If there was a single trigger for the “white paper” uprising that has been sweeping China over the past few days, it was events in Ürümchi, the capital of Xinjiang province. Xinjiang’s lockdown has been the most severe in China, with many residents unable to leave their homes for nearly four months. When ten or more residents, mostly Uyghur Muslims, were barred from escaping a blaze, their apartment block became a death trap. The doors, it is said, had been externally bolted.
Within hours, rallies and candlelit vigils for the Ürümchi victims were held in cities across China. To evade censure, protesters developed creative techniques involving irony and strategic ambiguity.
“Rise up, those who refuse to be slaves,” sang one protester, a call to arms protected by its status as a line from China’s national anthem. Others posted ludicrously gushing messages about the regime and the security forces, or the phrase “shrimp moss” which in Chinese sounds like “step down.” The best-known trope was the holding aloft of blank sheets of paper by demonstrators.
Three factors were decisive in the astonishing speed of the insurgency’s spread.
The critical spark was the militancy in Ürümchi. These were not the first deaths attributed to China’s lockdown policies that led to public criticism.
But Ürümchi residents took a militant decision: to rally in city-wide demonstrations, in defiance of the protest ban that is especially draconian in this province. Uyghurs among them will have immediately understood the links between locked fire exits and the locking up of Muslims in “re-education” camps.
The news from Ürümchi fanned out through social media as well as old-fashioned word of mouth. That the words travelled fast and far is because thousands of similar acts, as militant if not as momentous, had been bubbling nationwide over previous months and years.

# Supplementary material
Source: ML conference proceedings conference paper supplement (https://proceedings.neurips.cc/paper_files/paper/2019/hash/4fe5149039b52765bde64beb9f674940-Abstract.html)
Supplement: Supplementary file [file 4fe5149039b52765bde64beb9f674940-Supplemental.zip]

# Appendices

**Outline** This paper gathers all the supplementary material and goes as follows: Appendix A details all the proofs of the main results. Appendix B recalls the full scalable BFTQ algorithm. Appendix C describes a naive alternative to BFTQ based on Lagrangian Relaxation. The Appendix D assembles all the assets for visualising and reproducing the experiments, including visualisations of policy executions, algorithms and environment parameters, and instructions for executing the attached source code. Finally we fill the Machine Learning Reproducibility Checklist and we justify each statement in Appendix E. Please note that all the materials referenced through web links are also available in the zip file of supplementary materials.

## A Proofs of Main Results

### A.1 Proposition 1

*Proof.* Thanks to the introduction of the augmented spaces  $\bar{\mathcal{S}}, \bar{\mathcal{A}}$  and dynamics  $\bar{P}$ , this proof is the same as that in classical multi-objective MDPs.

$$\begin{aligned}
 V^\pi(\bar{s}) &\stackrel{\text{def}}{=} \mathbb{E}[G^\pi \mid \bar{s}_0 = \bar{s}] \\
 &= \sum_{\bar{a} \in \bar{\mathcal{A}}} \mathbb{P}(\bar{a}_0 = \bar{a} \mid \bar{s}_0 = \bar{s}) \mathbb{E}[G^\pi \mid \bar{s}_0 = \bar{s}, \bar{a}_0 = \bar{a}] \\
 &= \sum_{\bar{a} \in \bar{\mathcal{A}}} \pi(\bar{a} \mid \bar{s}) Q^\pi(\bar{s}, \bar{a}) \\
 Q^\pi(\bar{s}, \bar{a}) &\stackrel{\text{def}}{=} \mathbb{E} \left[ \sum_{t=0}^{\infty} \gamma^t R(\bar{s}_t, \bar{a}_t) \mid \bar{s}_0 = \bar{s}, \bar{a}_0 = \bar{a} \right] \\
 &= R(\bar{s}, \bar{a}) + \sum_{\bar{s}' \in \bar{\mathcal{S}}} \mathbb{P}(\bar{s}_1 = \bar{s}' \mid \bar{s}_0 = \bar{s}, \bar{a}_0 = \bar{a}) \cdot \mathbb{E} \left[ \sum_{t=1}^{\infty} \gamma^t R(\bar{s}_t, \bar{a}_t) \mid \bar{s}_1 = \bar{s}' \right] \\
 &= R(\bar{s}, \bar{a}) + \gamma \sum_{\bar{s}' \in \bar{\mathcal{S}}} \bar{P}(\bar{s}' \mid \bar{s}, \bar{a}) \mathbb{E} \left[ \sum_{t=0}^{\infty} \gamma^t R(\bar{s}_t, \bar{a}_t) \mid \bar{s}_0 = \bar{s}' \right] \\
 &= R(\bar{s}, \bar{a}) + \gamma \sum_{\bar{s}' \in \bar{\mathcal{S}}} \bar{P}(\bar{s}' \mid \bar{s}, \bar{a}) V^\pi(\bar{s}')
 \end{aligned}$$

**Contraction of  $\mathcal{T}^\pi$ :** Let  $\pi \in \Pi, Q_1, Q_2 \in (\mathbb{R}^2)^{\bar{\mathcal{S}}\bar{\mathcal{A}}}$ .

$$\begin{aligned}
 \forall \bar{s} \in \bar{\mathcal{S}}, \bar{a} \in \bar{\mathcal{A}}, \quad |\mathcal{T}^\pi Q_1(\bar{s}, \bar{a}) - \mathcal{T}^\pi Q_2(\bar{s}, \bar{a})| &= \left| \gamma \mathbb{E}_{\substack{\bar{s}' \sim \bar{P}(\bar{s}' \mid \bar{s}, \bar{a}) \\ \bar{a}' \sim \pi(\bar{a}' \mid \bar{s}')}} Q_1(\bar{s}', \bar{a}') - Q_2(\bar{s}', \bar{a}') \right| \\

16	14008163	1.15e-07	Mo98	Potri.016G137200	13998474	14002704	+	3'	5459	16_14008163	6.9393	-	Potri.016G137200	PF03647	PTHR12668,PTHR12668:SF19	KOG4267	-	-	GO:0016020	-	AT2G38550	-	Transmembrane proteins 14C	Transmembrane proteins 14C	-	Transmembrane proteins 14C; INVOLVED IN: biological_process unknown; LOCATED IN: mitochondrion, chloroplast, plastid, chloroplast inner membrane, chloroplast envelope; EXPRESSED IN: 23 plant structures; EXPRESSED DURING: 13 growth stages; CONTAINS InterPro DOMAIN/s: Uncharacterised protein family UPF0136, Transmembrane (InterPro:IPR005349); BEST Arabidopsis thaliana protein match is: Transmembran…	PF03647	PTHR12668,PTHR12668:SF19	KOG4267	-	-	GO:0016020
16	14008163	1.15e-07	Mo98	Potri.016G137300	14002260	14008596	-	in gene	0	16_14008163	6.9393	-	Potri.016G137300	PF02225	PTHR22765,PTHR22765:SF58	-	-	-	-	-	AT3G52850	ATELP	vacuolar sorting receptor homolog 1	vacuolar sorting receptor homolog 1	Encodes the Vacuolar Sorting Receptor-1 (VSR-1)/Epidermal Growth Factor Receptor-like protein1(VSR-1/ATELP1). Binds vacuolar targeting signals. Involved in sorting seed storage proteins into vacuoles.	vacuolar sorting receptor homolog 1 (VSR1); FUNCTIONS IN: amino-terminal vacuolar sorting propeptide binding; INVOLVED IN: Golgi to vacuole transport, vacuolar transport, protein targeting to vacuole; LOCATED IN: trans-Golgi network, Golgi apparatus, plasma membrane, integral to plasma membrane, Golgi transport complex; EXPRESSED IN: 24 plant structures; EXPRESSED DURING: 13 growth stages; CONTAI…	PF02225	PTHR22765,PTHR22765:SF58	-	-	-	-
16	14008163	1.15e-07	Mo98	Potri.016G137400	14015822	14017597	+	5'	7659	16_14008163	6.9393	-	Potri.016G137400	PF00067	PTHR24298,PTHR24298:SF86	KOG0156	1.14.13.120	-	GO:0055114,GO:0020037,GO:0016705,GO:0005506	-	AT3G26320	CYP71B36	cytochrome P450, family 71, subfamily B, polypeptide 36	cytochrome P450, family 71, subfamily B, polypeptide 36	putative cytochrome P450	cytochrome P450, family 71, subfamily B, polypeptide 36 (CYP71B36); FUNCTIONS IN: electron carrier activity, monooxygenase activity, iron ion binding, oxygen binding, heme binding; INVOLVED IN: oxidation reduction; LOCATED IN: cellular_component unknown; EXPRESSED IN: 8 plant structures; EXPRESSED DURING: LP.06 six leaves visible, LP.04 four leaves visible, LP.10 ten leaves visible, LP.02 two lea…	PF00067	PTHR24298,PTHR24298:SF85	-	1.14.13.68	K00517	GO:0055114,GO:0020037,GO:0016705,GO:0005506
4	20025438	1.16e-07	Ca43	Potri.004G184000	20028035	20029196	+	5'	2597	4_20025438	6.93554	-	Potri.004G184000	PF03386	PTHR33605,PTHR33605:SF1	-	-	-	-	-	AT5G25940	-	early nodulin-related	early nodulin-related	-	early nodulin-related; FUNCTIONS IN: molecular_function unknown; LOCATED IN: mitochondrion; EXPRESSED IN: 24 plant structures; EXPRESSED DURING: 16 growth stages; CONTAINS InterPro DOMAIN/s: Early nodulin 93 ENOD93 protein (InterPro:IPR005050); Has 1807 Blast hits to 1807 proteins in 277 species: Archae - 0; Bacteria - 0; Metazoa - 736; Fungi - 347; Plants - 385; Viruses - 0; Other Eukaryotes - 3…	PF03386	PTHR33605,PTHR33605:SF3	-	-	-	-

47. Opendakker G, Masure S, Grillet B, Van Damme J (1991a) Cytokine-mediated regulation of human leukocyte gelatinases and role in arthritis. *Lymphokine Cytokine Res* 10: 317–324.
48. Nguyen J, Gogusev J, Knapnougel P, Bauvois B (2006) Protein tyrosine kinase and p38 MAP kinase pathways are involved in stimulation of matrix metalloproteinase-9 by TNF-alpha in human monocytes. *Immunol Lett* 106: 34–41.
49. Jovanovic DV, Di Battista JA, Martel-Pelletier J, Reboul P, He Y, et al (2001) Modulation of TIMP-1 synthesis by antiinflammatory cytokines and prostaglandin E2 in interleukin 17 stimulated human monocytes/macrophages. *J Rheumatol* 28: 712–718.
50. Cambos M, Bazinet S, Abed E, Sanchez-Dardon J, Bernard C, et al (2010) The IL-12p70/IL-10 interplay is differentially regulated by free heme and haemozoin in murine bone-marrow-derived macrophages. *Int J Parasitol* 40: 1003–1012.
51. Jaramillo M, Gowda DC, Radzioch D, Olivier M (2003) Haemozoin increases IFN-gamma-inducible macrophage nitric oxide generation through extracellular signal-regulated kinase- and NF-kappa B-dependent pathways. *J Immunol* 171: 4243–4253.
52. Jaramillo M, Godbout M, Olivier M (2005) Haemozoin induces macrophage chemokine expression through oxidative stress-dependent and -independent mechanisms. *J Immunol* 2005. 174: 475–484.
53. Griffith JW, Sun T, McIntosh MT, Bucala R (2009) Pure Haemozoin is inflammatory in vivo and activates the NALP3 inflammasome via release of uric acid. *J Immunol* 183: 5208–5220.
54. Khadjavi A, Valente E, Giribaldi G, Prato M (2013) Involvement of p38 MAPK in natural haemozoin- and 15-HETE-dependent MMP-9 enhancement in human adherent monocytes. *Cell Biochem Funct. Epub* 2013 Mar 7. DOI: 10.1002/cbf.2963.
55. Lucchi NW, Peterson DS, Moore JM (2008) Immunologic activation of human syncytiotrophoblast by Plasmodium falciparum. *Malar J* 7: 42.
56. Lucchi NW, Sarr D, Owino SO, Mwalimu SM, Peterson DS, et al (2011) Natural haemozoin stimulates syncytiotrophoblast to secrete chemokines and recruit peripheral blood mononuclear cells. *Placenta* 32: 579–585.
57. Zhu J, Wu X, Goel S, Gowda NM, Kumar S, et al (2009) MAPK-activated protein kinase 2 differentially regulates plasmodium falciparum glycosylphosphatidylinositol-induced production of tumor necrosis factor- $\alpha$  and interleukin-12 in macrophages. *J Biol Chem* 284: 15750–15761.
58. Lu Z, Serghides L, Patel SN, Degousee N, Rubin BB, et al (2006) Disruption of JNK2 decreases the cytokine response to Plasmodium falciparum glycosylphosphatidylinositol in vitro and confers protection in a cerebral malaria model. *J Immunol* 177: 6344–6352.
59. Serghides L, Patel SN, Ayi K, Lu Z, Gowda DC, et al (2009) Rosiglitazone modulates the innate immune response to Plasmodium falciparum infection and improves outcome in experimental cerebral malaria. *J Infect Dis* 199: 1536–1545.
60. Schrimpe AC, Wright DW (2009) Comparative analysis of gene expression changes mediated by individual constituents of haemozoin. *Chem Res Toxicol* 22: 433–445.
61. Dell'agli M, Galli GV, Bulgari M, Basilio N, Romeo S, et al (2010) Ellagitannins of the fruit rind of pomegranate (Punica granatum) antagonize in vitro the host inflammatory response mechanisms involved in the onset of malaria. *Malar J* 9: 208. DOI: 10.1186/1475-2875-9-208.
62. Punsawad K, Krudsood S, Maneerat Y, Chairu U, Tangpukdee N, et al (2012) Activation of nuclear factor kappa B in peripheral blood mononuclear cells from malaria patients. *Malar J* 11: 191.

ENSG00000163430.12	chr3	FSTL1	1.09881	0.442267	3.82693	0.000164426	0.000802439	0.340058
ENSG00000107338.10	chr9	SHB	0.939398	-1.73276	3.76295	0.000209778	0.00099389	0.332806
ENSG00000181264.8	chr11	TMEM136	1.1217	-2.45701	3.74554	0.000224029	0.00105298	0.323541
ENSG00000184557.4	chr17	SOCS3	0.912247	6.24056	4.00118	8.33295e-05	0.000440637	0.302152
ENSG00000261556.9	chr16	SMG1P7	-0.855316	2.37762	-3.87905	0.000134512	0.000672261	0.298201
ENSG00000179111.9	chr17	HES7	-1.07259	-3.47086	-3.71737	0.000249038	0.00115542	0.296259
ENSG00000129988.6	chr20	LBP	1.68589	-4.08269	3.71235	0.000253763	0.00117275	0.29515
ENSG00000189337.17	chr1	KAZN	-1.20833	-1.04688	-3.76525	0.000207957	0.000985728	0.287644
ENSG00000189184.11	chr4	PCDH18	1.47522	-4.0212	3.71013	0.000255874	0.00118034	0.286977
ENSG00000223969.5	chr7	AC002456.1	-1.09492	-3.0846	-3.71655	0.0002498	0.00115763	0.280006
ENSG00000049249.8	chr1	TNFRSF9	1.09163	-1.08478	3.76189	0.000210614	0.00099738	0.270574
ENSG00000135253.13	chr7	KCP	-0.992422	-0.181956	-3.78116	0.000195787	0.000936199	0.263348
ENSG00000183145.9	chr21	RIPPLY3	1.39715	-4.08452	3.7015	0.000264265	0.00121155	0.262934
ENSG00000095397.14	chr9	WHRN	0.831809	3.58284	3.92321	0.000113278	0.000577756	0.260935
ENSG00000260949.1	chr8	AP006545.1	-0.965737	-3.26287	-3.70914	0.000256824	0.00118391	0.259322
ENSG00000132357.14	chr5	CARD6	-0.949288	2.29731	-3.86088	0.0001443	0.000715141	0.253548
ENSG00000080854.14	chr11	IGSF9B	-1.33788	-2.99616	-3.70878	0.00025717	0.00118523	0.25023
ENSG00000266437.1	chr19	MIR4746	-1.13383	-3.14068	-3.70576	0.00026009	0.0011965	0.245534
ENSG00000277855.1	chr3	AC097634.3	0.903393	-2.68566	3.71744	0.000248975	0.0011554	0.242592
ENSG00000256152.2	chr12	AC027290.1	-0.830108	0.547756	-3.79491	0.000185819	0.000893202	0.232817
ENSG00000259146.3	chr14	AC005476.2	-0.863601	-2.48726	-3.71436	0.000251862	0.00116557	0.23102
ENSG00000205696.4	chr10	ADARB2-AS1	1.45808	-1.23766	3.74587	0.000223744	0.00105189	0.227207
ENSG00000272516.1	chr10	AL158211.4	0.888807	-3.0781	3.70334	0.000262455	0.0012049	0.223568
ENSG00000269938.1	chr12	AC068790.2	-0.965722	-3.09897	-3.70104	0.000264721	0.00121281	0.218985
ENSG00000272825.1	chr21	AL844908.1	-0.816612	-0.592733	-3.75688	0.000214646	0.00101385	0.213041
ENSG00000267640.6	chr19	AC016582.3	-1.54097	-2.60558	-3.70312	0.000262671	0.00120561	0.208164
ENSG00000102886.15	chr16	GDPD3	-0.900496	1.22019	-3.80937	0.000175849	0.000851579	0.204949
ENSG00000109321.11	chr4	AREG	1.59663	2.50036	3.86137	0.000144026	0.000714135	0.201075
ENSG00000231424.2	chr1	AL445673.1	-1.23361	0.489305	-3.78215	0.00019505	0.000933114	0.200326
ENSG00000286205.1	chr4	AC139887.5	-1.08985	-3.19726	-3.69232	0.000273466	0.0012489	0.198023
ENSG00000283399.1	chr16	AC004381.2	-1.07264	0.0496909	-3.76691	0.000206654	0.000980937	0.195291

This is the second factor. Diverse individuals connected their horror at the Ürümchi fire to a sense of shared suffering and a collective “frame” that identified the political authorities as culpable. Lockdowns provided the focus around which multiple grievances coalesced. Substantial numbers were suddenly receptive to the possibility of collective resistance to the lockdown – even to the regime itself.
The final factor that influences an uprising’s momentum is the ability of the security forces to smother it. Momentum is the operative term, as the mass of insurgents combined with the velocity of their response to thwart the state’s attempts to quickly crush them. In the first two days of the insurgency, many instances were recorded of police being pushed back and censors overwhelmed.
For a few days the protests burned more brightly than any in China since 1989. How does it compare to other social movements, and how should it be characterised?
One option would be to theorise it as the climax of a global anti-lockdown movement. This is too crude. In their political form, lockdowns vary along a spectrum. Whereas lockdowns in Daegu (South Korea) and Kerala (India) were relatively consensual and humane, China represents the antithesis.
Admittedly, public health has benefited. China’s COVID death rate stands at three per million, compared to 2,400 per million for Britain. The life expectancy of Chinese citizens has overtaken that of Americans, thanks to Beijing’s zero-COVID and Washington’s calamity-COVID
Yet Beijing’s strategy prioritises authoritarian surveillance over healthcare. Its sluggish pursuit of vaccination programmes (together with Moderna’s refusal to transfer mRNA technology) resulted in pitiful vaccination rates among the elderly. If omicron were to run wild, the risk of mass fatalities and a collapsing health system would be real.